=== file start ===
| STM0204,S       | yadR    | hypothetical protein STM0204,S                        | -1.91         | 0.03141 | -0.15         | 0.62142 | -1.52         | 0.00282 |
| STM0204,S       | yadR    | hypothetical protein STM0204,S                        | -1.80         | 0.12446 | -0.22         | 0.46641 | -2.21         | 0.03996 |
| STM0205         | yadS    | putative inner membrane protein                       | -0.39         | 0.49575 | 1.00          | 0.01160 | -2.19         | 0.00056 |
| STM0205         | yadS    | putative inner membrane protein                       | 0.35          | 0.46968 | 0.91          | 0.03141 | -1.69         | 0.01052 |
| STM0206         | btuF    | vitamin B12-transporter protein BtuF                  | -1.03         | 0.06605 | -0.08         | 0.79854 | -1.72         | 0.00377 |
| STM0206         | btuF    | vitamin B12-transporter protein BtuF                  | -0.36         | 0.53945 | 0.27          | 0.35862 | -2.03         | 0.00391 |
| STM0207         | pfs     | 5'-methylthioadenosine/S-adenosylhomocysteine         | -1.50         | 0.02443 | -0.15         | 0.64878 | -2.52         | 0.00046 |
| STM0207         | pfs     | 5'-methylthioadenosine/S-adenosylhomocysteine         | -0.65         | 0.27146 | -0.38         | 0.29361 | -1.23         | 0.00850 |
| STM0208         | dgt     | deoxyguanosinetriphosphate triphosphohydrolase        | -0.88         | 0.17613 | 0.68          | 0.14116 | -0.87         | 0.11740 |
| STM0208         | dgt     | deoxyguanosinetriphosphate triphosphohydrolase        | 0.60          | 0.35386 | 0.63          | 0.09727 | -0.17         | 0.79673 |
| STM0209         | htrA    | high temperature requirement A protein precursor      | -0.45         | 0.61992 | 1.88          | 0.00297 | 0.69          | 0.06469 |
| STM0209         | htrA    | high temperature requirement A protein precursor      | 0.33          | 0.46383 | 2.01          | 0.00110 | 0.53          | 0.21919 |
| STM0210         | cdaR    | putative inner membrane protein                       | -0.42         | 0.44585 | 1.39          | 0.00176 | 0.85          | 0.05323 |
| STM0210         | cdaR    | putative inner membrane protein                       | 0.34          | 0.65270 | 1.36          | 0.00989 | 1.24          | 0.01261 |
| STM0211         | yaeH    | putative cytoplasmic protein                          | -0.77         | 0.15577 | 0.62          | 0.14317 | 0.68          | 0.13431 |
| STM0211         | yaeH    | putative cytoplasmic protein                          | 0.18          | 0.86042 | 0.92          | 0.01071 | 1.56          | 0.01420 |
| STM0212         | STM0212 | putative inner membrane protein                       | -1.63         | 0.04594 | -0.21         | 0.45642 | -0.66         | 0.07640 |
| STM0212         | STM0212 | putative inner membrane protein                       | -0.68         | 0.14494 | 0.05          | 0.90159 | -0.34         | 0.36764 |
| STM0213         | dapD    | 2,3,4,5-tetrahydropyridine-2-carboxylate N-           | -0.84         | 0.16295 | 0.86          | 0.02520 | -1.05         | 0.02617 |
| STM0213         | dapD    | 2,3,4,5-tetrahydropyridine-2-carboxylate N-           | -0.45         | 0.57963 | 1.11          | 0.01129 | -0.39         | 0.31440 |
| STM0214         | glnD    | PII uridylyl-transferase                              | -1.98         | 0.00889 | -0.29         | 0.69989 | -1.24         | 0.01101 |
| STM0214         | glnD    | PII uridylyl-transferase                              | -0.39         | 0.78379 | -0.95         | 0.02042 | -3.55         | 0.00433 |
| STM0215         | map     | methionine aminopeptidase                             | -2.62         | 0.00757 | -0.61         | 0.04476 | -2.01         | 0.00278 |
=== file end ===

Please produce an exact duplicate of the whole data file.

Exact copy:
| STM0204,S       | yadR    | hypothetical protein STM0204,S                        | -1.91         | 0.03141 | -0.15         | 0.62142 | -1.52         | 0.00282 |
| STM0204,S       | yadR    | hypothetical protein STM0204,S                        | -1.80         | 0.12446 | -0.22         | 0.46641 | -2.21         | 0.03996 |
| STM0205         | yadS    | putative inner membrane protein                       | -0.39         | 0.49575 | 1.00          | 0.01160 | -2.19         | 0.00056 |
| STM0205         | yadS    | putative inner membrane protein                       | 0.35          | 0.46968 | 0.91          | 0.03141 | -1.69         | 0.01052 |
| STM0206         | btuF    | vitamin B12-transporter protein BtuF                  | -1.03         | 0.06605 | -0.08         | 0.79854 | -1.72         | 0.00377 |
| STM0206         | btuF    | vitamin B12-transporter protein BtuF                  | -0.36         | 0.53945 | 0.27          | 0.35862 | -2.03         | 0.00391 |
| STM0207         | pfs     | 5'-methylthioadenosine/S-adenosylhomocysteine         | -1.50         | 0.02443 | -0.15         | 0.64878 | -2.52         | 0.00046 |
| STM0207         | pfs     | 5'-methylthioadenosine/S-adenosylhomocysteine         | -0.65         | 0.27146 | -0.38         | 0.29361 | -1.23         | 0.00850 |
| STM0208         | dgt     | deoxyguanosinetriphosphate triphosphohydrolase        | -0.88         | 0.17613 | 0.68          | 0.14116 | -0.87         | 0.11740 |
| STM0208         | dgt     | deoxyguanosinetriphosphate triphosphohydrolase        | 0.60          | 0.35386 | 0.63          | 0.09727 | -0.17         | 0.79673 |
| STM0209         | htrA    | high temperature requirement A protein precursor      | -0.45         | 0.61992 | 1.88          | 0.00297 | 0.69          | 0.06469 |
| STM0209         | htrA    | high temperature requirement A protein precursor      | 0.33          | 0.46383 | 2.01          | 0.00110 | 0.53          | 0.21919 |
| STM0210         | cdaR    | putative inner membrane protein                       | -0.42         | 0.44585 | 1.39          | 0.00176 | 0.85          | 0.05323 |
| STM0210         | cdaR    | putative inner membrane protein                       | 0.34          | 0.65270 | 1.36          | 0.00989 | 1.24          | 0.01261 |
| STM0211         | yaeH    | putative cytoplasmic protein                          | -0.77         | 0.15577 | 0.62          | 0.14317 | 0.68          | 0.13431 |
| STM0211         | yaeH    | putative cytoplasmic protein                          | 0.18          | 0.86042 | 0.92          | 0.01071 | 1.56          | 0.01420 |
| STM0212         | STM0212 | putative inner membrane protein                       | -1.63         | 0.04594 | -0.21         | 0.45642 | -0.66         | 0.07640 |
| STM0212         | STM0212 | putative inner membrane protein                       | -0.68         | 0.14494 | 0.05          | 0.90159 | -0.34         | 0.36764 |
| STM0213         | dapD    | 2,3,4,5-tetrahydropyridine-2-carboxylate N-           | -0.84         | 0.16295 | 0.86          | 0.02520 | -1.05         | 0.02617 |
| STM0213         | dapD    | 2,3,4,5-tetrahydropyridine-2-carboxylate N-           | -0.45         | 0.57963 | 1.11          | 0.01129 | -0.39         | 0.31440 |
| STM0214         | glnD    | PII uridylyl-transferase                              | -1.98         | 0.00889 | -0.29         | 0.69989 | -1.24         | 0.01101 |
| STM0214         | glnD    | PII uridylyl-transferase                              | -0.39         | 0.78379 | -0.95         | 0.02042 | -3.55         | 0.00433 |
| STM0215         | map     | methionine aminopeptidase                             | -2.62         | 0.00757 | -0.61         | 0.04476 | -2.01         | 0.00278 |